Adventure on the South Coast
Durban - As the temperature soared to more than 35ºC and a hot wind blew, we made our way along the rural road to KwaXolo Caves, the new adventure trail on the KwaZulu-Natal (KZN) South Coast.
It’s one of many tourist ventures coming to life after lockdown.
With our trail set to start at 10am on Sunday, we left Durban early to travel about 180km to the site.
At the Southbroom traffic lights, we turned left and passed through a lush banana plantation, the odd goat that had wandered too far and a couple of partygoers making their way slowly home after a long Saturday night at the local tavern.
When we spotted the sign to the Khanyisizwe Clinic, we turned left on to a dirt road (as Google maps had long given up on the rural ramifications of unnamed roads) and about 5km later, we headed through the entrance to the caves.
Welcomed by tour operators Shaun Makhanya and Makhosi Mashala, our party of adventurers had to sanitise before being harnessed and clipped into safety gear.
We had another couple in our group and we all had our temperatures taken and were properly masked up. We did remove our masks when climbing, largely because it was so hot, and we were also nowhere near each other – you have to give space to the climber in front of you.
The other two groups on the trail were each made up of about six people.
Described as a new adventure trail, it is a guided hike down a steep cliff, which was previously only accessible to experienced climbers. It will appeal to those who have thought about extreme sports, but have never quite got there, beginner hikers and explorers and anyone else who feels like a fun day out.
The hike is about 350m, made up of a wire rope system, with rung ladder sections, so you have to be willing to do some climbing.
Before we swung off the top, Makhosi gave us some fascinating insight into local indigenous herbs and plants associated with the caves in the area.
These included umsenge, a herb used for cleansing; ilabatheka, an African potato used to cleanse away bad luck; izinjomi, a herb that can be eaten when one is hungry, and amafutha omhlaba, an oil used to prevent bad spirits.
At that point we were introduced to our guide for the day, Mthobisi Ntozakhe, whose cheerfulness washed away any thoughts of possible bad luck on the mountain.
As we made our way down the first section, Mthobisi pointed out the neighbouring rock face where a large resident python could sometimes be spotted sunning itself on the rocks.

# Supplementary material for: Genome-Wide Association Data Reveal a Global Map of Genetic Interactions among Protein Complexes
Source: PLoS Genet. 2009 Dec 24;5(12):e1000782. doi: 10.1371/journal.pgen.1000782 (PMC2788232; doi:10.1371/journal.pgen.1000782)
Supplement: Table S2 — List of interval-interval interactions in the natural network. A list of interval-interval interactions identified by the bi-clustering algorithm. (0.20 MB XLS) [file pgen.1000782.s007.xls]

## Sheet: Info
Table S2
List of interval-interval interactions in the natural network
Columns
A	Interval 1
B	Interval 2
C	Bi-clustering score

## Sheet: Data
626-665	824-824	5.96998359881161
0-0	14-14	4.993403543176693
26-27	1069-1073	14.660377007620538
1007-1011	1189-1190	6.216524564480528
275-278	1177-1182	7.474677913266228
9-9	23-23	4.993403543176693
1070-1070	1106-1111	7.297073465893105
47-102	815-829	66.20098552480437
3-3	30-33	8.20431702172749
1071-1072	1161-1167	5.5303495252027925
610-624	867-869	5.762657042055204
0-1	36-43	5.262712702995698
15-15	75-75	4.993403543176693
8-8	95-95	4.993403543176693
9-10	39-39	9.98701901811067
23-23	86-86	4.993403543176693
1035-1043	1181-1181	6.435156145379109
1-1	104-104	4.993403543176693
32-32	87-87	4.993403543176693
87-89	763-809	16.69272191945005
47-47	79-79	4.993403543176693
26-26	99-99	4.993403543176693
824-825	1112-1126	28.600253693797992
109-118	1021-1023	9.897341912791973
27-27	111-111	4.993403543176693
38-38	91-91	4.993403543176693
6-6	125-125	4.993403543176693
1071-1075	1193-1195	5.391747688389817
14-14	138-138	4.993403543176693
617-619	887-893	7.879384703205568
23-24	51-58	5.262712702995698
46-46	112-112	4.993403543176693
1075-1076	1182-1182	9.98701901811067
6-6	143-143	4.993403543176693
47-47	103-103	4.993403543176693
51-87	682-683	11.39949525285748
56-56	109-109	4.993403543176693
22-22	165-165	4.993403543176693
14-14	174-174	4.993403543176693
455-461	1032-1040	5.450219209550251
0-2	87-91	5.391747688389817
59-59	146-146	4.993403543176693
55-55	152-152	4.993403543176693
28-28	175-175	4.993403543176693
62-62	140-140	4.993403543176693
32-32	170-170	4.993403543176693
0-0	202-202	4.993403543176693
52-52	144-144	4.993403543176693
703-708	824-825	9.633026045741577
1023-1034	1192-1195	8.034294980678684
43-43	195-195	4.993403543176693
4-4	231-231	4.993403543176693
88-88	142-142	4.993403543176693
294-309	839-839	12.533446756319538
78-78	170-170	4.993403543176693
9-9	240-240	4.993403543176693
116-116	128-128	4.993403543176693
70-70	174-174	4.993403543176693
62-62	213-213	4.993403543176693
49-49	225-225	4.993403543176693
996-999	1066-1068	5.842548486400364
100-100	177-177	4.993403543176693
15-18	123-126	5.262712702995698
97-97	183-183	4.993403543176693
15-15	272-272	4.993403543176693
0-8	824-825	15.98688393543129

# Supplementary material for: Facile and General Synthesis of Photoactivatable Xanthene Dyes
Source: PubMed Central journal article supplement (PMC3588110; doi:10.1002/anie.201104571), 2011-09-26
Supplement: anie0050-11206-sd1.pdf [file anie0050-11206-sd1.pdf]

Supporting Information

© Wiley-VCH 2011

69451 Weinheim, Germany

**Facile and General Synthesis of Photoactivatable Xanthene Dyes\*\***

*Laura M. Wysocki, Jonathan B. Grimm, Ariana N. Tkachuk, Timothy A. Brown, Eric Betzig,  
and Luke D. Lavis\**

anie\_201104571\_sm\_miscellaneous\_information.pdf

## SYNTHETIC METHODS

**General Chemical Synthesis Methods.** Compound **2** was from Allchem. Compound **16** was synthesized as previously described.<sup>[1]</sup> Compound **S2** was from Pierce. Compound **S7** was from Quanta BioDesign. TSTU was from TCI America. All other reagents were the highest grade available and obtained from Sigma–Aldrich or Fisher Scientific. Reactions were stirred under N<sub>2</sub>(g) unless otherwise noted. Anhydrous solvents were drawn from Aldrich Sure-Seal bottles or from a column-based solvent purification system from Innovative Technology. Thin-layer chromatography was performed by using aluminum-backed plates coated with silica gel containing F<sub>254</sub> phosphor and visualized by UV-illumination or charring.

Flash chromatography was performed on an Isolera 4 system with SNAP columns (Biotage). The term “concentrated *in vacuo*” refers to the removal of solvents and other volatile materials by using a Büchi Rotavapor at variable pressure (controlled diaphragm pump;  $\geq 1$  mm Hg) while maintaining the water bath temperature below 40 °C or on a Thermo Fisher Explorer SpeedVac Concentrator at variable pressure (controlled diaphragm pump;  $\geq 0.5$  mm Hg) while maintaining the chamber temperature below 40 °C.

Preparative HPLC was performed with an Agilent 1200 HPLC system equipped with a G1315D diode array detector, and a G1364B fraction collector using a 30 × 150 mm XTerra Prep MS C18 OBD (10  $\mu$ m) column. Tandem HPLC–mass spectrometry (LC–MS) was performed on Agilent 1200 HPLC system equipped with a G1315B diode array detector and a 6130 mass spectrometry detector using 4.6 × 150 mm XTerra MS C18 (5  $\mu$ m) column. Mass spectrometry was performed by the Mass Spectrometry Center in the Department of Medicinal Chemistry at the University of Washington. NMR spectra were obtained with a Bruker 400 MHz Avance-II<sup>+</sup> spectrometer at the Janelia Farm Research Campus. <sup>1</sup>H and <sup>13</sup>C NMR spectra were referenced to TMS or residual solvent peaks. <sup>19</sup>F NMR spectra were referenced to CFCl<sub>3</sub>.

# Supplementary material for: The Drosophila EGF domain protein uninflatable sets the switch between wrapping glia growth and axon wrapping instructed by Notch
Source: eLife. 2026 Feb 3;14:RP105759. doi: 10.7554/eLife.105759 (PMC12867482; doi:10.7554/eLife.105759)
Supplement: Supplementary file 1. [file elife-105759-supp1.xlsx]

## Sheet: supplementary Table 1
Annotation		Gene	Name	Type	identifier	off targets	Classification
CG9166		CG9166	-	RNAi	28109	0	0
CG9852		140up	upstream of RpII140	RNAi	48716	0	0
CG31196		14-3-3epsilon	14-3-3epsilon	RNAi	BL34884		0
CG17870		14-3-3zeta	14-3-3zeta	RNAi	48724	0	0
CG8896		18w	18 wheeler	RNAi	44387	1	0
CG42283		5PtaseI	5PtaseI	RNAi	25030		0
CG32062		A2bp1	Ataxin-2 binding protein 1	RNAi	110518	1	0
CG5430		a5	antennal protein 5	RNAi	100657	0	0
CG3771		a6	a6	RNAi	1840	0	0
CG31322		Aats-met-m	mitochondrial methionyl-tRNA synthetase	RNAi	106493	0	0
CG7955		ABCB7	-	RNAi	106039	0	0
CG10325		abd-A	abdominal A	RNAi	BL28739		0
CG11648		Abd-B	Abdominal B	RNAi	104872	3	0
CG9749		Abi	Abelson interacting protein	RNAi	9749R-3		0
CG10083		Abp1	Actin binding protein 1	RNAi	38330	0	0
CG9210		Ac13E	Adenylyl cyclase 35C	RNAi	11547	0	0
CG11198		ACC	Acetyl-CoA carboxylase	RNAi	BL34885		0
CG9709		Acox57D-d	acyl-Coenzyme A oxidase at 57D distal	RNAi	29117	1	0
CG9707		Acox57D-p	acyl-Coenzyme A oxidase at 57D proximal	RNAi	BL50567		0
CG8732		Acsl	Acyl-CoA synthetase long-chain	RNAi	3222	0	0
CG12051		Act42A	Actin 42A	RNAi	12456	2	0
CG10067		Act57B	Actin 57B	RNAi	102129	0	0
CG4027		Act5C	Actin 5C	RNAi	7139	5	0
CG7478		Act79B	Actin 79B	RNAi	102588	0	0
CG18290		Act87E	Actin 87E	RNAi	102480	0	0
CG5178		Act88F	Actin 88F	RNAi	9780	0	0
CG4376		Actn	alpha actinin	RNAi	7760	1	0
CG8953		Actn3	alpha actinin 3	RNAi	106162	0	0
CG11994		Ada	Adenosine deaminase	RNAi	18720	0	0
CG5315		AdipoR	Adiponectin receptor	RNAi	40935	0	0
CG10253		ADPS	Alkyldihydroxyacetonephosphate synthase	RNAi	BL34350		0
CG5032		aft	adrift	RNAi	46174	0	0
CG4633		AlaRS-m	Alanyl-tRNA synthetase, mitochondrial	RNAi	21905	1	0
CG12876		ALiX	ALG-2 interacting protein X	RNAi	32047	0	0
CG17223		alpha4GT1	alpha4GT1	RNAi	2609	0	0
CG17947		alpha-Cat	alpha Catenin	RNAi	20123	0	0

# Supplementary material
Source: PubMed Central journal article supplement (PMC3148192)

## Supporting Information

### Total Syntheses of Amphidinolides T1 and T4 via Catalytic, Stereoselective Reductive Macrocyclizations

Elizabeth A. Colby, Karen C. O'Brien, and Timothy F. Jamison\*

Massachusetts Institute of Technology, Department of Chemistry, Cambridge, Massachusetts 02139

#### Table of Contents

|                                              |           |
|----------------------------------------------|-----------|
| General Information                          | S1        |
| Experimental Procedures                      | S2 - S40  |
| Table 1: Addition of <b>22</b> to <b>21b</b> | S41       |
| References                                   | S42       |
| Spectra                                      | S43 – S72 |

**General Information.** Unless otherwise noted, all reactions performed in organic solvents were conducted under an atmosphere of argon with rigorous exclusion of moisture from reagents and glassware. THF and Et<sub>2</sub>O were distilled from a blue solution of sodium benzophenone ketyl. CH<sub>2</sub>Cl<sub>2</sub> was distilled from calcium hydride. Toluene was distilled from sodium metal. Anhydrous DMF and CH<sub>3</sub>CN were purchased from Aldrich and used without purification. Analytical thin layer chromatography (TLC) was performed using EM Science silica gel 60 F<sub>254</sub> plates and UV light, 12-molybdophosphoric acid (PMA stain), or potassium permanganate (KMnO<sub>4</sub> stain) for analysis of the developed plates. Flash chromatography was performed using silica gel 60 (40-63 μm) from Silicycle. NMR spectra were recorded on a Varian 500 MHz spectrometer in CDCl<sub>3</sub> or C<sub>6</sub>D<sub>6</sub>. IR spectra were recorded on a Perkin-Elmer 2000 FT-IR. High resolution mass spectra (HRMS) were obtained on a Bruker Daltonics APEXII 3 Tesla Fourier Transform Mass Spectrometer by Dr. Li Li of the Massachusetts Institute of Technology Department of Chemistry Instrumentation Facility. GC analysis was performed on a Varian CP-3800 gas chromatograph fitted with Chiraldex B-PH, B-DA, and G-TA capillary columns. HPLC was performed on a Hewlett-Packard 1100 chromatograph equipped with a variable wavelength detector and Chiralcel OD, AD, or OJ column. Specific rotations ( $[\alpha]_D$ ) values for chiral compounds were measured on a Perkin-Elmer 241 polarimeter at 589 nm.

Being a very hot day, it had clearly decided to stay in its cool cave. Fortunately the python’s favourite ledge was far enough away for our group of climbers to make jokes about it.
As we mastered the clips and ropes, we came to the first rung ladder and Mthobisi was all patience as we made our way down and on to the first shaded platform for a water break.
Far below, we could see glints of a river and he explained that by
December, the massive barren rock face next to us would be transformed into a rushing waterfall once the rains came.
We continued our climb down until we got to the main cave, which has a 60m-long overhang, also known as Estombeni cave.
Mthobisi explained that the area was steeped in history and folklore dating back to the early Zulu period. But the rock paintings on the walls of the cave indicate an earlier, prehistoric period when the San lived in the caves, which dates back over 1 000 years.
The KwaXolo Caves are the only open rock art site in the eastern seaboard coastal area and so have special status.
As we sat in the shade of the overhang, surrounded by the ancient paintings, the view was breathtaking.
The San clearly had the right idea. Ruffled only by the hot wind, the silence soothes any battered psyche, especially those who have just gone through long months of lockdown.
On the climb back up, we met two parties who were on their way down, so we took time out to sit in the shaded platforms to take in the view, sip water and chat hakuna matata style, as South Africans so love to do. There was plenty of space for social distancing.
Once back at the top, there are picnic sites, also well away from each other, and visitors are welcome to bring a basket, unpack loads of goodies and enjoy the surrounds.
We said our farewells and as we headed back on to the dusty road, my legs were weary but it felt good to have rested the soul.
The activity is open to hikers aged 8 years and older, and will take between one and one-and-a-half hours to complete. The cost is R150 a person.
For more information go to KwaXolo Caves Adventures on Facebook, or contact Shaun Makhanya 074 887 3742.
The Independent on Saturday